The Ethiopian hybrid planning system applies both top-down and bottom-up planning approaches simultaneously. This causes vague quality measurement indices of the urban plan and is a major obstacle for both the planning team and other stakeholders to measure quality. The chapter examines and dialectically discusses the contradictory measurement indices regarding the quality by taking Bahir Dar City Structural Plan Project as a case study. Both primary and secondary data were collected from the planning team and stakeholders for the study. This chapter argues that challenge arises from the system that uses two, often conflicting, yardsticks to measure quality, i.e. meeting the pre-defined standards and fulfilling the participants’ interest. Therefore, it suggests that the quality of an urban plan should be primarily measured in terms of the local planning standard, which is the “public acceptance”. Public acceptance here is described, measured and defined as the stakeholder’s perception that the plan is of good enough quality for implementation.
Behailu Melesse Digafe, Achamyeleh Gashu Adam, Gebeyehu Belay Shibeshi, Mengiste Abate Meshesha

Open Access

Chapter 10. Complementing or Conflicting Rationalities? How Self-Production Practices in Collective Spaces Can Shape Urban Planning: Insights from Maputo City
Abstract
Spatial planning and governance in African cities are often framed and conceived through the formal-informal binary. This view has been responsible for negative connotations that increase urban populations’ vulnerability. Moreover, it has been heavily criticised as presenting a reductive view of urban development. Alternative framings such as “alternative informality” and “self-production” have recently contested such views by proposing process-oriented approaches that recognise the legitimacy of informal praxis. However, research on self-production practices has tended to focus on the household or municipal level, neglecting what can be termed “collective space”. This chapter explores the production and use practices within collective spaces based on research conducted in two peripheral neighbourhoods in Maputo in 2019. The findings highlight the role and legitimacy of self-production practices in collective space to provide services, consolidate local governance and substantiate urban development. It finds that the role of local residents and authorities in urban planning has only tentatively been accepted by official municipal-level planning agencies. The chapter will reflect on how collective space can better overcome local challenges beyond the household level and represent potentialities for inclusive and democratic planning. However, there are still many challenges in collective space that remain poorly addressed.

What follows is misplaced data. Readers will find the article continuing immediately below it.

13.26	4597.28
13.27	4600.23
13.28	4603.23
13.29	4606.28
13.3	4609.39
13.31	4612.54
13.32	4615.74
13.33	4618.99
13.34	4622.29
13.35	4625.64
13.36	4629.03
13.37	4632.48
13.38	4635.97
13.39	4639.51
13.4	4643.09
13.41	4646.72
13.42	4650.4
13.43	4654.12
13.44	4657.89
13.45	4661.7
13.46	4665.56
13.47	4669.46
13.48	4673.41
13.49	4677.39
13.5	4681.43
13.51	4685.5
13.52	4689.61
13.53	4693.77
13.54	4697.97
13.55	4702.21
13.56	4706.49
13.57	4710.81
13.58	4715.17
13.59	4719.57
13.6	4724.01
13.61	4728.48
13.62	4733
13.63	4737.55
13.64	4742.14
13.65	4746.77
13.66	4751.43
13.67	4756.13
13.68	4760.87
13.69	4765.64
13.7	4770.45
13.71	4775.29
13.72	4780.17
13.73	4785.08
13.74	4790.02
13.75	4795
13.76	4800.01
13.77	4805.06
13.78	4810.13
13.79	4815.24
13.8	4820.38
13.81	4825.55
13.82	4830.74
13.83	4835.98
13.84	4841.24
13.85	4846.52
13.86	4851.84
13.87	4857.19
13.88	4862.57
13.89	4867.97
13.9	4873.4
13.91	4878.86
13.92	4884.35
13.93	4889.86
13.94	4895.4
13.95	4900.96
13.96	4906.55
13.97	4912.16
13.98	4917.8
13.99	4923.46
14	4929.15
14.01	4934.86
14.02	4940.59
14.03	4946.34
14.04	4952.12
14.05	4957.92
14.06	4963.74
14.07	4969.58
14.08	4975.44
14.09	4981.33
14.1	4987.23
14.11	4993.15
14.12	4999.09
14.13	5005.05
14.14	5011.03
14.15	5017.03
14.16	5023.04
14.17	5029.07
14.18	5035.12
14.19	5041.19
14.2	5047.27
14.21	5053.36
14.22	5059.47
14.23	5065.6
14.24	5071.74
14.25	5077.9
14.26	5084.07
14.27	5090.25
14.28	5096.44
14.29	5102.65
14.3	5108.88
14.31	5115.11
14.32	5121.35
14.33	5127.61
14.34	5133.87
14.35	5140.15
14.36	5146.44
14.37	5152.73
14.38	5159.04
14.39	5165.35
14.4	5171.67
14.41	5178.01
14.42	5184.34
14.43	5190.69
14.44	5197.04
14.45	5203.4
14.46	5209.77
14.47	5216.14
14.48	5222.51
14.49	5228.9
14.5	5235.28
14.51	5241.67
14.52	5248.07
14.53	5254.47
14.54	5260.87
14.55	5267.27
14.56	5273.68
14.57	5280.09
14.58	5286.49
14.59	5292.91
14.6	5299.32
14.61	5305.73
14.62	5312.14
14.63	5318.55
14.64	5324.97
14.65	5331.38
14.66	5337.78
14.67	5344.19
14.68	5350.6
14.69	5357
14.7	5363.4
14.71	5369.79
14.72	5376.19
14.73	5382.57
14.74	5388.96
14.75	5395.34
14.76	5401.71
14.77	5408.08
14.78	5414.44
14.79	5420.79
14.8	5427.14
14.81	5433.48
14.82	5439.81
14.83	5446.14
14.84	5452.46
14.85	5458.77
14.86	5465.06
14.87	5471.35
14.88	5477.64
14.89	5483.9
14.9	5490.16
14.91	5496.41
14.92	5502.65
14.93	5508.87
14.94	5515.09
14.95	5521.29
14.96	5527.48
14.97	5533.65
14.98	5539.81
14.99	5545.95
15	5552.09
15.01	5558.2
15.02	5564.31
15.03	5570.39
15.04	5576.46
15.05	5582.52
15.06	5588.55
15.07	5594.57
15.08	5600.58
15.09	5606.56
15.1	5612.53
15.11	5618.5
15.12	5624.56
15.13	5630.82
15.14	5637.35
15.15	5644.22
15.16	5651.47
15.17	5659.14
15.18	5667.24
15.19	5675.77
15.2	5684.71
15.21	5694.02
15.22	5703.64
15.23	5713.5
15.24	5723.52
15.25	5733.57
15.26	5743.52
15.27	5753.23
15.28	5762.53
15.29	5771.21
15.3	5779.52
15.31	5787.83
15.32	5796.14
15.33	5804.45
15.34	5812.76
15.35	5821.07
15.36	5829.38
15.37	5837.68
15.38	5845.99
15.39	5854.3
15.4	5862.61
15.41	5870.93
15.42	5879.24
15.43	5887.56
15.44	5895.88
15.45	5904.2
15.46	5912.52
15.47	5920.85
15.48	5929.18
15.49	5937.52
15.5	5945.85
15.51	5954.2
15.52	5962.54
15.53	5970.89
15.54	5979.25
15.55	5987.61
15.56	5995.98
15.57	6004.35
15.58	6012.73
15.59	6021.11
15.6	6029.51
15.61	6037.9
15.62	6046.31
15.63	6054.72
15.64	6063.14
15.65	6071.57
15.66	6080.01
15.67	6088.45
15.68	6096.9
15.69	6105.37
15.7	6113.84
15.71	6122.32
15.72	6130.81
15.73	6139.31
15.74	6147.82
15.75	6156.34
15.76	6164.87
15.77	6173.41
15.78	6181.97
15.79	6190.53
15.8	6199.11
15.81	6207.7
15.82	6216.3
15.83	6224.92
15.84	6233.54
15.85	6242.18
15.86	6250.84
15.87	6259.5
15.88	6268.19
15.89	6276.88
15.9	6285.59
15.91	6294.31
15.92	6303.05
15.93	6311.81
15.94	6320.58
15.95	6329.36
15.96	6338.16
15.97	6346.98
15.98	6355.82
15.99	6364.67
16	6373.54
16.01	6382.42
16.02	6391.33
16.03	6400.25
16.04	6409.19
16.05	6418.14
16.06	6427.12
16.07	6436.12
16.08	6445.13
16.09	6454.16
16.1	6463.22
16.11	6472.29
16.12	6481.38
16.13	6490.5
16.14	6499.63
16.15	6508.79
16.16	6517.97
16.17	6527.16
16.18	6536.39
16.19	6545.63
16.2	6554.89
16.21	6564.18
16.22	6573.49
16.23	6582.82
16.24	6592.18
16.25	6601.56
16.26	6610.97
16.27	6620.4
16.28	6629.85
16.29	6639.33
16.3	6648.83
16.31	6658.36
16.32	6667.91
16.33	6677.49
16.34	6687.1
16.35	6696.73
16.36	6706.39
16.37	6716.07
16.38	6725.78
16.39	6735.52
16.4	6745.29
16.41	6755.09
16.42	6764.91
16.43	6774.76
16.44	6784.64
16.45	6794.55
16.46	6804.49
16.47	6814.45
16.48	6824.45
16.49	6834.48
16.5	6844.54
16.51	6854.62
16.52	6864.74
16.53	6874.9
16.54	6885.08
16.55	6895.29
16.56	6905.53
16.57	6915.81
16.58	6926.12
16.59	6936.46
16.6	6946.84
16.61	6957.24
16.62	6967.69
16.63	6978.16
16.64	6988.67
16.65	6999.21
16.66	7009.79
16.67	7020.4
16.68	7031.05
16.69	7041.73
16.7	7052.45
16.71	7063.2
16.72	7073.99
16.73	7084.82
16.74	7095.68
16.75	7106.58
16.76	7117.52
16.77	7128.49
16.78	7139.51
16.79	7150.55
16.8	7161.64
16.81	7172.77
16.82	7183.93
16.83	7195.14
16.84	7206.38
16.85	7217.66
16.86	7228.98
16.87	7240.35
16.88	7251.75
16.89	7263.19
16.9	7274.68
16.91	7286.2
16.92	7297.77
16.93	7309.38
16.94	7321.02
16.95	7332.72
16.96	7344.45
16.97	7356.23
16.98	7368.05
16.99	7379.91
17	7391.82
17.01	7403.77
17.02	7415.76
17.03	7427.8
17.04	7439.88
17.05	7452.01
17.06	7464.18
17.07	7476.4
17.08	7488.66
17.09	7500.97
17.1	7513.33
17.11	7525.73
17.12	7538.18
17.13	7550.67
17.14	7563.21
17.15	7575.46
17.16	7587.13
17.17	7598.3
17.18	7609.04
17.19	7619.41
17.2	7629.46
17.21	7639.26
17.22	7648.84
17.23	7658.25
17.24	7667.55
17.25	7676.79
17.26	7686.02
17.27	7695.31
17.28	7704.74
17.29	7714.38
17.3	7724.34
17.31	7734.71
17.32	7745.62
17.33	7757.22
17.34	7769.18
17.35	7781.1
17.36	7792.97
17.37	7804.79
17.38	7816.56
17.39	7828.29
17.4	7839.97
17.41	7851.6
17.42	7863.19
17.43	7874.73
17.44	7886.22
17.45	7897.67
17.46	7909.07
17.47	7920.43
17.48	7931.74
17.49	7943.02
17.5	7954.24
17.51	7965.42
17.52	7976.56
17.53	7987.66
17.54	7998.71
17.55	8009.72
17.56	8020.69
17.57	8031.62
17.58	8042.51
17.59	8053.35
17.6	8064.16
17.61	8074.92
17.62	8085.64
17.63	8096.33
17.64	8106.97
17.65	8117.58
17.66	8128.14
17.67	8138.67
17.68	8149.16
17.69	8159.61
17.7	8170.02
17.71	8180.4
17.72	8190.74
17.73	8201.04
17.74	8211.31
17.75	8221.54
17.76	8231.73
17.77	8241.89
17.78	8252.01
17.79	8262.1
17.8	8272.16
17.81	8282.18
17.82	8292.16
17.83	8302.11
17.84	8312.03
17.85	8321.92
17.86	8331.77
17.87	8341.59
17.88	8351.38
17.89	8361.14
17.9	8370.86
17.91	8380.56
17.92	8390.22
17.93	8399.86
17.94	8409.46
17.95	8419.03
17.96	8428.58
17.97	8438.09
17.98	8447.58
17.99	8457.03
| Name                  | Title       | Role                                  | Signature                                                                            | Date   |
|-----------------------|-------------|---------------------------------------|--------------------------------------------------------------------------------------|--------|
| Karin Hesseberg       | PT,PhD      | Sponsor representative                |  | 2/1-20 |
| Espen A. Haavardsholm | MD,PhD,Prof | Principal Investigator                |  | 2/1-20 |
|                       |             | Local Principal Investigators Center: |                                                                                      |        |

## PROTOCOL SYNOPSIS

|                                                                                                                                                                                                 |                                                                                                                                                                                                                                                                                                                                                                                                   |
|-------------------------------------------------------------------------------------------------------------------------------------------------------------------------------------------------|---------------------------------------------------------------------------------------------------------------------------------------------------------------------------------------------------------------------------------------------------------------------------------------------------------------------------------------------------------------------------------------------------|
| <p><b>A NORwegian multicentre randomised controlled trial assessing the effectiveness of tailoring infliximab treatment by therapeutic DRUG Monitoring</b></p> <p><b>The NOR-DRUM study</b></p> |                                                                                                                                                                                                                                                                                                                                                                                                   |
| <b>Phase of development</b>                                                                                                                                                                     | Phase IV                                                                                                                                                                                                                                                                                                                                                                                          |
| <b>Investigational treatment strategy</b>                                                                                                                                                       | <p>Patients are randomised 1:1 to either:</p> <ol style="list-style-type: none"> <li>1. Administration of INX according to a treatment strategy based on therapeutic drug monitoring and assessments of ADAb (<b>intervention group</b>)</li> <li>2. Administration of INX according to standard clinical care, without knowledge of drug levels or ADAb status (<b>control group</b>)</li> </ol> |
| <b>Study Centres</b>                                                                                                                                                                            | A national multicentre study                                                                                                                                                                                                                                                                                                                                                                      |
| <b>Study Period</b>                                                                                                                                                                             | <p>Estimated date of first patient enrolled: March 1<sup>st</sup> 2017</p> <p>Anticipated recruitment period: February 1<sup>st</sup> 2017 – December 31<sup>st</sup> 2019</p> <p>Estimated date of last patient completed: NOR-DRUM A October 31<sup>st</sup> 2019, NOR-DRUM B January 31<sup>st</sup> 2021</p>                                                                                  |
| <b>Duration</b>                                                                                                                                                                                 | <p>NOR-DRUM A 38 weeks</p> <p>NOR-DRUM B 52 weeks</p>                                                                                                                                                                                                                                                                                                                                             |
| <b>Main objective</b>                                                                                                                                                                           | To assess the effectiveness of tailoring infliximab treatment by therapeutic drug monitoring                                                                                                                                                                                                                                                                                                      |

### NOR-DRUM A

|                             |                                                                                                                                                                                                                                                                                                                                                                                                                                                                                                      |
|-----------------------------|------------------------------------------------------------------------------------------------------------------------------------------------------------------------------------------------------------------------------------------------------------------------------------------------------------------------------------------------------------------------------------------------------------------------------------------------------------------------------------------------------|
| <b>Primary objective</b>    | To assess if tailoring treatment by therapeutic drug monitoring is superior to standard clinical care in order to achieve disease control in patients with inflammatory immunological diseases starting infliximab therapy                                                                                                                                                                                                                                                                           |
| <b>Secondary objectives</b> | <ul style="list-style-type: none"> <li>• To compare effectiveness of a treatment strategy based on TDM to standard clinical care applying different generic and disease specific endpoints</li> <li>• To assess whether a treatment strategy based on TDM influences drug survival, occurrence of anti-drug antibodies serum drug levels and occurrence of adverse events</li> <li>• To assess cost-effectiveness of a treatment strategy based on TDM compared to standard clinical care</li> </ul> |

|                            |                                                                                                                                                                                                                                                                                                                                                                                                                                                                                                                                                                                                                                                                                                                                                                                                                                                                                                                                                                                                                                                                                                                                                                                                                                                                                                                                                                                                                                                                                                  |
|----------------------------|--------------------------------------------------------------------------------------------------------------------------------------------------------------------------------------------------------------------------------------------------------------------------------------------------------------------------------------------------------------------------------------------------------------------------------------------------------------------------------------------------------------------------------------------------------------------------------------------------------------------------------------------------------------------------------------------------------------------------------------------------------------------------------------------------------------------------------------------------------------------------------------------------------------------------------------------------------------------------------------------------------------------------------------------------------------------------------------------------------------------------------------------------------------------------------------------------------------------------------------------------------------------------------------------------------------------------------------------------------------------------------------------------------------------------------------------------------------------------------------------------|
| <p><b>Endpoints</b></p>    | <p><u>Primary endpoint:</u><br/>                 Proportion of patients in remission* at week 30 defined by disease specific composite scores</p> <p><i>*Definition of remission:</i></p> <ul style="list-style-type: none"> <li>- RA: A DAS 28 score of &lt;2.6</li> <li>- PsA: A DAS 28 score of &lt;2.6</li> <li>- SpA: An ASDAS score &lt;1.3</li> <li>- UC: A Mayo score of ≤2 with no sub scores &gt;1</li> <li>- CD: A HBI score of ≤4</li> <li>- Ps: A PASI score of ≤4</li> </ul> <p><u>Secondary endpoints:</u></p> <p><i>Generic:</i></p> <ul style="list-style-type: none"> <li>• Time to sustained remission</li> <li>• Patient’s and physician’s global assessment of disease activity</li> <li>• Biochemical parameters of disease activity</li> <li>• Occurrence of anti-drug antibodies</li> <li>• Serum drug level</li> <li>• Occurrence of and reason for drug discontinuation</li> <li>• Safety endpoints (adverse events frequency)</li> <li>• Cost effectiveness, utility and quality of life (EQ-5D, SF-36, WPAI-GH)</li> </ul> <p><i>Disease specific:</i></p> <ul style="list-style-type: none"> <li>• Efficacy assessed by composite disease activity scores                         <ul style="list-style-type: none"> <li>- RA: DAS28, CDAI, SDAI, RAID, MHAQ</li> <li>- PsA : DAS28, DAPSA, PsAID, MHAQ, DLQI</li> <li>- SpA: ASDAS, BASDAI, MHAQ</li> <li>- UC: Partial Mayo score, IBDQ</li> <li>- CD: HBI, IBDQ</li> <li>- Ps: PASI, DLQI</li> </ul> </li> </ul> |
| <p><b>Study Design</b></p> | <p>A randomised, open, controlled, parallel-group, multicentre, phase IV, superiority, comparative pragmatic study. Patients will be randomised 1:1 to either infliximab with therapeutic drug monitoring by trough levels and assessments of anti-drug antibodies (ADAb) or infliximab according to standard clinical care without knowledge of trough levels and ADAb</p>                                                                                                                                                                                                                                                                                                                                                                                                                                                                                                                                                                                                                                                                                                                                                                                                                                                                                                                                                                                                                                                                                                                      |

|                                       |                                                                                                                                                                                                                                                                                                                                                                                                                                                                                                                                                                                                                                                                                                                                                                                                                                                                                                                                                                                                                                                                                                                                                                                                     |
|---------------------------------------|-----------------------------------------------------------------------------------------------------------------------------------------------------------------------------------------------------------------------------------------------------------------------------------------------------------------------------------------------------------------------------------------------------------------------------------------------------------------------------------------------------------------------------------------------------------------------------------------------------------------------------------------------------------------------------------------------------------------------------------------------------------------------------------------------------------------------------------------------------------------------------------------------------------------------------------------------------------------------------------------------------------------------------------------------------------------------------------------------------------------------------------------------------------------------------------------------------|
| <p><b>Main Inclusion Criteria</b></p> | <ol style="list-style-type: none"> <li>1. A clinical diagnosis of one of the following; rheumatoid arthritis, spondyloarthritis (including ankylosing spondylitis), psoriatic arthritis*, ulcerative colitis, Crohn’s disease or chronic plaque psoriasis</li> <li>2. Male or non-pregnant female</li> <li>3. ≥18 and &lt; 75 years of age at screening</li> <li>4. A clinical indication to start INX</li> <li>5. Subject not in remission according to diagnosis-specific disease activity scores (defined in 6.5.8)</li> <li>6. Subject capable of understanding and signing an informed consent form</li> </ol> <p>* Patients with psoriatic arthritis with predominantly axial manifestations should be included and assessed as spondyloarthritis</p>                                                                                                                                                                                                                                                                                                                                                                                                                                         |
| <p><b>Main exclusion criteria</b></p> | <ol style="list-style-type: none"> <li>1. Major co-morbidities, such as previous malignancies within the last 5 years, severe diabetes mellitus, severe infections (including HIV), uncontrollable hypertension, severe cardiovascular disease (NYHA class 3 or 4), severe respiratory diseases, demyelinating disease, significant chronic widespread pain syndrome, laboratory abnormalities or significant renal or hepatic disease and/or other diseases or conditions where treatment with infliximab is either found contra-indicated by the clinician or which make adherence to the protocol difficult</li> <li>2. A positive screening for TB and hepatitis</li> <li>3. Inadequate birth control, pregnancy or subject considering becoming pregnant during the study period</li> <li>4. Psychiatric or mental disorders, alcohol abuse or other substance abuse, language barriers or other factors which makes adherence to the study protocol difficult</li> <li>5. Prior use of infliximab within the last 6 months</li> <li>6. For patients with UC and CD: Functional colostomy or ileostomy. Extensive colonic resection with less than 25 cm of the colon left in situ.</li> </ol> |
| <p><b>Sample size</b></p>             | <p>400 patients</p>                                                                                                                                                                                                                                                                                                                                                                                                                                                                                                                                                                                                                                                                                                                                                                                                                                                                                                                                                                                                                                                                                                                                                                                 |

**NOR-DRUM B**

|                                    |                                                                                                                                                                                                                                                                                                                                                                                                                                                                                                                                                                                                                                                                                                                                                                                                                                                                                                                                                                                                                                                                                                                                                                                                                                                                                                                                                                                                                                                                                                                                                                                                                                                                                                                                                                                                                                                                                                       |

Milousa António

Open Access

Chapter 11. Translating Globalised Ideals into Local Settings: The Actors and Complexities of Post-settlement Water Infrastructure Planning in Urban Ghana
Abstract
Following the principles of the networked city and urban planning, pro-active planning of water infrastructure is pertinent for attaining universal water access. Ironically, in cities of the Global South, water infrastructure provision takes the form of post-settlement networks—where human settlements evolve to steer the provision of the large-scale water network. However, little is known about the complexities, the processes and motives, the actors involved and how they navigate towards universalising water access. I investigate this kind of infrastructure planning ideal, drawing inspiration from technological translations from the Global North to the Global South, using the case of Wa, a secondary city of Ghana. The study revealed that off-grid water systems initially served water in secondary cities. The large-scale water network later evolved as a “reactive measure” driven by the rise in population, and the failure of the off-grid water infrastructure to attain universal water access. Despite that, resistance from residents, spatial disorder and sprawling growth, utility policies and in capabilities challenged the efforts of the state utility towards attaining a universal water supply. Through creativity, the utility providers negotiated and invented multiple models of water supply contradictory to the “mono-modal” principles of the networked city. This produced and segregated water access across the urban zones of the city. The findings suggest that though the post-settlement water network provision represents an attempted translation of the networked city ideal, in practice, it does not conform with the hegemonic premise of a networked city to foster universal water supply in the cities of the Global South.
Francis Dakyaga
Backmatter
Metadata
Title
Planning Cities in Africa
Editors
Dr. Genet Alem Gebregiorgis
Prof. Stefan Greiving
Prof. Ally Hassan Namangaya
Prof. Wilbard Jackson Kombe
Copyright Year
2022
Electronic ISBN
978-3-031-06550-7
Print ISBN
978-3-031-06549-1
DOI
https://doi.org/10.1007/978-3-031-06550-7